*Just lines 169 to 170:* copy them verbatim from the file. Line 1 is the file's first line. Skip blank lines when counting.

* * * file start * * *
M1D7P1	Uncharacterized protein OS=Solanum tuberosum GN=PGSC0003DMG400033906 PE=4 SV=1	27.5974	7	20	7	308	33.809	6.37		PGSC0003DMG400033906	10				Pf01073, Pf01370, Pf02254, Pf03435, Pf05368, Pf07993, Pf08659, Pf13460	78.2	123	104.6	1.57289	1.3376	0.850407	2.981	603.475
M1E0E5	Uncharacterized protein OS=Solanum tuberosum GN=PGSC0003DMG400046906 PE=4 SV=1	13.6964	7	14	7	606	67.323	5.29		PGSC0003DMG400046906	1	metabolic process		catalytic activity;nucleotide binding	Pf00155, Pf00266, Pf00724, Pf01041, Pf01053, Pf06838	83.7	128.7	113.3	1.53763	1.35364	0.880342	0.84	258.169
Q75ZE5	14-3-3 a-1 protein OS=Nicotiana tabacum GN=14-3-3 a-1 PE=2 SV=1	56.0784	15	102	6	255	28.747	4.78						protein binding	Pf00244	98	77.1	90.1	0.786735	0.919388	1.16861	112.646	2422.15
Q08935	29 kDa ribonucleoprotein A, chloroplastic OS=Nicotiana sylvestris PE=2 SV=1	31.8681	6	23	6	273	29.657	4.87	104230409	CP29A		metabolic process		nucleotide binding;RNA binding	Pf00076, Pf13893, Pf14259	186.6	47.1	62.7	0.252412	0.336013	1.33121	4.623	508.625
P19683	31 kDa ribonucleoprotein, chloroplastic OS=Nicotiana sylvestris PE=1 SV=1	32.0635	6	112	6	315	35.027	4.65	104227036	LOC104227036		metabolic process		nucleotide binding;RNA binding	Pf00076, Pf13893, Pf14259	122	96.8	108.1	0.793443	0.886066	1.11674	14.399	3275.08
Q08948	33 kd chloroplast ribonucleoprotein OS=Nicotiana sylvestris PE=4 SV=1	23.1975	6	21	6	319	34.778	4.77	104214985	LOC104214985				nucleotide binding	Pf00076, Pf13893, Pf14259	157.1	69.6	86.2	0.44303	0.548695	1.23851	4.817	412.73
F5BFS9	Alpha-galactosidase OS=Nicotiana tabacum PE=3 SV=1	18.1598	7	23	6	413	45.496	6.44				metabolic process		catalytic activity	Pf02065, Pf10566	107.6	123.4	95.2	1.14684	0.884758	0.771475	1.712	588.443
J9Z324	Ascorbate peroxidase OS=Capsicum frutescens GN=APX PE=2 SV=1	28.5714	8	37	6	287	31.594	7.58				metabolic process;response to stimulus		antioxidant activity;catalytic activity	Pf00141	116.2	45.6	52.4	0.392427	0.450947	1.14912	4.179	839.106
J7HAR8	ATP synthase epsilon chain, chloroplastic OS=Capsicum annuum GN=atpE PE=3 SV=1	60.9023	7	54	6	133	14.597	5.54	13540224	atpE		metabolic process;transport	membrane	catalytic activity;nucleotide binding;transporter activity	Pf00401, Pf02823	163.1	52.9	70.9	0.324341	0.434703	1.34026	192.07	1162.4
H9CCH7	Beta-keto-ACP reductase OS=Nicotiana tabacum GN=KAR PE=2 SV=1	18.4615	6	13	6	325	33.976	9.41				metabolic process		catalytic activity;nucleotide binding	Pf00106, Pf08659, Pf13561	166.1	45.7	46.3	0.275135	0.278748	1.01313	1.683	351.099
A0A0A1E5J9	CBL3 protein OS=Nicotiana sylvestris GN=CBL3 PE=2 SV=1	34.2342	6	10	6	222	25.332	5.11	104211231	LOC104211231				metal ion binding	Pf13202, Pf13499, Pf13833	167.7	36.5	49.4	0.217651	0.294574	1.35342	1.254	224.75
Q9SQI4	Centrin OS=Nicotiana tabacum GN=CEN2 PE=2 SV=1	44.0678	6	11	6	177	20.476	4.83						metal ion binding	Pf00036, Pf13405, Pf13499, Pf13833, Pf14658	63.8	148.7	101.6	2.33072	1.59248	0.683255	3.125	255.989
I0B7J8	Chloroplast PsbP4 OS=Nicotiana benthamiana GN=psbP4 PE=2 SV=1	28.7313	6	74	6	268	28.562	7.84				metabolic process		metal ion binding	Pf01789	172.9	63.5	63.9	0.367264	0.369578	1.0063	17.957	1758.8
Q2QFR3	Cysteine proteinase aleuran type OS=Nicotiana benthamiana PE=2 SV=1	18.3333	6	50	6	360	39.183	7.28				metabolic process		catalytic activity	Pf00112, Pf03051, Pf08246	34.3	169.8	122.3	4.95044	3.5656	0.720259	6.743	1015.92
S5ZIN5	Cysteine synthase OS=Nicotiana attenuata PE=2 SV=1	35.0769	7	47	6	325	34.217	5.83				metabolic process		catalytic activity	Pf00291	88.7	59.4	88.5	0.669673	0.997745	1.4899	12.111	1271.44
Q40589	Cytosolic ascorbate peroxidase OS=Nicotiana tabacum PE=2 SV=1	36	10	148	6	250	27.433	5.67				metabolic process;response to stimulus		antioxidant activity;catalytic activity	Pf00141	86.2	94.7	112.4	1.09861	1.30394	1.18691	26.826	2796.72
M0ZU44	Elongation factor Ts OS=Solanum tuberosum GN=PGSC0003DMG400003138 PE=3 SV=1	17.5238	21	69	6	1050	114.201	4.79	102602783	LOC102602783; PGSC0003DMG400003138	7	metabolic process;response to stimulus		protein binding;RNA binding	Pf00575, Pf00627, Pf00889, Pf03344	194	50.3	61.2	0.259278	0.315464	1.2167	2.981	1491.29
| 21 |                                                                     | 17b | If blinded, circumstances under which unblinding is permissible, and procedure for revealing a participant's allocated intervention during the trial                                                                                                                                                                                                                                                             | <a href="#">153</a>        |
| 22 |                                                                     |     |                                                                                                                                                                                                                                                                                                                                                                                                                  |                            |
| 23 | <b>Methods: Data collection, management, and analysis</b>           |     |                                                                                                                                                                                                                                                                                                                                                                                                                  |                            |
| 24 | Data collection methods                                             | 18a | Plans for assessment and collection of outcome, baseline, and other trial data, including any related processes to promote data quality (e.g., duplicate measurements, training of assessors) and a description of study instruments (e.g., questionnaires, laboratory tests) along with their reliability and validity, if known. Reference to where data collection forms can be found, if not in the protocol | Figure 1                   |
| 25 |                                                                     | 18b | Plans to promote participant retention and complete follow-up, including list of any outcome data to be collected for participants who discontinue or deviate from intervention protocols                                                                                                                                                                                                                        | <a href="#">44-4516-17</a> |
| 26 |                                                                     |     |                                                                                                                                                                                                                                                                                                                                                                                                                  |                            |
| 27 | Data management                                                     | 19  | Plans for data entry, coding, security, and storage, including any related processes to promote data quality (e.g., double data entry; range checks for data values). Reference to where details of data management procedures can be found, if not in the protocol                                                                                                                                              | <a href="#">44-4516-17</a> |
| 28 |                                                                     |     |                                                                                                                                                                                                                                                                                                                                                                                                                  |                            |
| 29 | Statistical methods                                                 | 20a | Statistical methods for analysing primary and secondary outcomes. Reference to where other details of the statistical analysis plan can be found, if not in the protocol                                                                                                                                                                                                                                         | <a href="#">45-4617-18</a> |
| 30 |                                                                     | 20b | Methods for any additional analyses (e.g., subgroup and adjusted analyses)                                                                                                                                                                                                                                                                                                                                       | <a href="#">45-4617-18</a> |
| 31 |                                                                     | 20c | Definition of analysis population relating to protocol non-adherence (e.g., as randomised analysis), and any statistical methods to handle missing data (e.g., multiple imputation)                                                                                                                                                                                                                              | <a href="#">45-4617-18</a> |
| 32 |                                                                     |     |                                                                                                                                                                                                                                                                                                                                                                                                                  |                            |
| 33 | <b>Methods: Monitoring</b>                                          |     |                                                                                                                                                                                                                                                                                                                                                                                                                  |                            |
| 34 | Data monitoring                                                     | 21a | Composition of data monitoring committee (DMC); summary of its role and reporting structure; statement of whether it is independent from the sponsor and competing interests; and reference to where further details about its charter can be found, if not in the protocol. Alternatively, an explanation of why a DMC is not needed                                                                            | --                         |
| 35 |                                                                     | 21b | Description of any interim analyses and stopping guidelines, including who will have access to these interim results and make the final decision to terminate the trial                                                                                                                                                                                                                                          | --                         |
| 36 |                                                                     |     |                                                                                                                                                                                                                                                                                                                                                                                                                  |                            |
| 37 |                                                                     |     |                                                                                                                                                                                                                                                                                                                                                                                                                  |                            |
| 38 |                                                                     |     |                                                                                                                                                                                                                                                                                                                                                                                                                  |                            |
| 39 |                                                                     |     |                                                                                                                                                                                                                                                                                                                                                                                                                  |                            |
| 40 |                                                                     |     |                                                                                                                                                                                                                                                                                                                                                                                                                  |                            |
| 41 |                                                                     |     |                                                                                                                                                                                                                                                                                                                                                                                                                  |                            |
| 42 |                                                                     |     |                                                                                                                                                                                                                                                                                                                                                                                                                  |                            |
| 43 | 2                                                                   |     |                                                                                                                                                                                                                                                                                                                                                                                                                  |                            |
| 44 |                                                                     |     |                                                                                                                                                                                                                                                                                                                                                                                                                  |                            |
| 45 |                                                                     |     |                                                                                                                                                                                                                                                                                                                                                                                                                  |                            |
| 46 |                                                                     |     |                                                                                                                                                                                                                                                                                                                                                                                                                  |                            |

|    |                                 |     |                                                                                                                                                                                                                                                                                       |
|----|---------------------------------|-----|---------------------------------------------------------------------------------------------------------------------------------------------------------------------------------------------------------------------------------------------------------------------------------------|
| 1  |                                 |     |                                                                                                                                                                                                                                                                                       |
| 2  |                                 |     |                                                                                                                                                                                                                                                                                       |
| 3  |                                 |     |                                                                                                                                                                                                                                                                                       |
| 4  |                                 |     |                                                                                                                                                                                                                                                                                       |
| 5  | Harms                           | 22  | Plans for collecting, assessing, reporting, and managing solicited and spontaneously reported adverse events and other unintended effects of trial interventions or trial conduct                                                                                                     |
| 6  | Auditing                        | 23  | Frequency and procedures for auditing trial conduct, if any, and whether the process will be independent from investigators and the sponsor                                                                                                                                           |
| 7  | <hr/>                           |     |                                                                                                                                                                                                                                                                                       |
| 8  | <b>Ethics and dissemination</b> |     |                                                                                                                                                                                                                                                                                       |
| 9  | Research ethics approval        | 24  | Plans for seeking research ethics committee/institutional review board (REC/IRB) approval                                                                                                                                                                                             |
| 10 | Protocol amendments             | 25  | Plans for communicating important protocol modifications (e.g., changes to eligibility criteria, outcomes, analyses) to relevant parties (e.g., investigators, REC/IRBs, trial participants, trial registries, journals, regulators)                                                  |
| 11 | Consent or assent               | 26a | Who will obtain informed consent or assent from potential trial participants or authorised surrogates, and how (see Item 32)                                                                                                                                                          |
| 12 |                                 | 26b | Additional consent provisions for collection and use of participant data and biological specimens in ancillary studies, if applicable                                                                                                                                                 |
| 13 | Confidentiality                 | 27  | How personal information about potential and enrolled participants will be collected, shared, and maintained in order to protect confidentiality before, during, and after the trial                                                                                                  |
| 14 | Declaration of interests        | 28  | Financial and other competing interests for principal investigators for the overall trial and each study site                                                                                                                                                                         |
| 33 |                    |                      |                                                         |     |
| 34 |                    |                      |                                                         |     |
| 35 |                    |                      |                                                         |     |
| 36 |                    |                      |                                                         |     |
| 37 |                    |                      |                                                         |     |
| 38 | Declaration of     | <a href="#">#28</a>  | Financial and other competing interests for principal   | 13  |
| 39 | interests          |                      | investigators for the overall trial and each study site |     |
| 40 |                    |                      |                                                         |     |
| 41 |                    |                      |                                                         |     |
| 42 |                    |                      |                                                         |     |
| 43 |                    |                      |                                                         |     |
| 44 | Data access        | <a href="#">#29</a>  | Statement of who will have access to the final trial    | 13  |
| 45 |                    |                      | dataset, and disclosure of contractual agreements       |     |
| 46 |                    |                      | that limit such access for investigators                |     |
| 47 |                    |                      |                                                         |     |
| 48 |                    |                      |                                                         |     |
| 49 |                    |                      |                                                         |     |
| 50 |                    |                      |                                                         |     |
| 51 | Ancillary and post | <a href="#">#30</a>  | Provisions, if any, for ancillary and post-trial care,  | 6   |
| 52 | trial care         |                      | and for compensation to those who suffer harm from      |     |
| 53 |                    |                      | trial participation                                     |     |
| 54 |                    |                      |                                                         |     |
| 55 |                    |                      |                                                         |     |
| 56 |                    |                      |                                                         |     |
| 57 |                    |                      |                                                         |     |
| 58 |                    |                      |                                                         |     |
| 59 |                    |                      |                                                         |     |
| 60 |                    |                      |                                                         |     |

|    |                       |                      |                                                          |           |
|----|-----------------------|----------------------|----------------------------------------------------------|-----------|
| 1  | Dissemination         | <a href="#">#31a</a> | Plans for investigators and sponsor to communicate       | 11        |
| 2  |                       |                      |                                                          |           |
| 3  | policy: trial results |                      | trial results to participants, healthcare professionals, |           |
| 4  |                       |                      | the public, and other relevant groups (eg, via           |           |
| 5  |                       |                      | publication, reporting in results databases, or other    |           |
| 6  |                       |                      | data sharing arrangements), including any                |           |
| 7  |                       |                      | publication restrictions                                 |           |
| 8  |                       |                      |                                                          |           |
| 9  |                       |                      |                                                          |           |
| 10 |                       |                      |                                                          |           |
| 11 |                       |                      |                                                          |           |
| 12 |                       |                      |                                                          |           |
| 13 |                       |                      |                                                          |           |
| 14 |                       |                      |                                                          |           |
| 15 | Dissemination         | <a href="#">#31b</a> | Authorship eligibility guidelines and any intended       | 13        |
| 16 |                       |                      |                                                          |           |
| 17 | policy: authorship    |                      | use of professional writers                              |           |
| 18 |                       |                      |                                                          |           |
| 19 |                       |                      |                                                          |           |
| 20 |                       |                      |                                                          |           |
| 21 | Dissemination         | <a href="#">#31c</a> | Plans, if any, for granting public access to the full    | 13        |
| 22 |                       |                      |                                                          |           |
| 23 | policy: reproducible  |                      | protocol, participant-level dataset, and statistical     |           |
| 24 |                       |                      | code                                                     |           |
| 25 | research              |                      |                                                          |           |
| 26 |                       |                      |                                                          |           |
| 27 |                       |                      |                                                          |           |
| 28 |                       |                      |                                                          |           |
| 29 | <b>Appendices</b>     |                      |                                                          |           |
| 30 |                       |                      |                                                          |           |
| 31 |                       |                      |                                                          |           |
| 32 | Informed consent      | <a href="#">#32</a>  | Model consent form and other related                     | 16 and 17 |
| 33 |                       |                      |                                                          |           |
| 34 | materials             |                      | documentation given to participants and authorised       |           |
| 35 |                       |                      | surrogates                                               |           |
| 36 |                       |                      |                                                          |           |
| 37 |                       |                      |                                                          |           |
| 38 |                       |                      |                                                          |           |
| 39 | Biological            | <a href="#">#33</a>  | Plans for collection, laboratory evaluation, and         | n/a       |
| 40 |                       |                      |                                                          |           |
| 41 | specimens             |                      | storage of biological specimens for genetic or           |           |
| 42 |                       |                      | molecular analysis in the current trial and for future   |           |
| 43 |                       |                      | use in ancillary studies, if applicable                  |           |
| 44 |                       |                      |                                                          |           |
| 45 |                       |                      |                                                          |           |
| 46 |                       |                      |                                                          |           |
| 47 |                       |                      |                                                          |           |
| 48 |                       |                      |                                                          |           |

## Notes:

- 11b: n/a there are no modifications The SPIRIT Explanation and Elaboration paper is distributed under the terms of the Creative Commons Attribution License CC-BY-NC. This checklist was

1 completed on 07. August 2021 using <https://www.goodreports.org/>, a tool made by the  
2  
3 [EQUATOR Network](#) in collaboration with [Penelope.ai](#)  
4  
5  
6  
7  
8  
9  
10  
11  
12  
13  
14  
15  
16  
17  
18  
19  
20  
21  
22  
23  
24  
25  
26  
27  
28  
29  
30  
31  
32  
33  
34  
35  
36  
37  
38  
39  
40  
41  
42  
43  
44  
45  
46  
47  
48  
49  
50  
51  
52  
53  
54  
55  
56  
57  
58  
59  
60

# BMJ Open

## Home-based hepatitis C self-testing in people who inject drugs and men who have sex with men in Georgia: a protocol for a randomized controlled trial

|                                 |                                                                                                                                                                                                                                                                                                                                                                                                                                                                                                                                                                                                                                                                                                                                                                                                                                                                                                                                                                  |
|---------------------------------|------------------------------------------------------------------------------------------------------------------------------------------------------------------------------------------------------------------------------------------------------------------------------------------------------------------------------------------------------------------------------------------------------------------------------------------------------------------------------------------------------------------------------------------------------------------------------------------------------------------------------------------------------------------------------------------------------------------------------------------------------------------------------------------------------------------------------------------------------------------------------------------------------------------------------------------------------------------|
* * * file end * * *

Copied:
30  
31  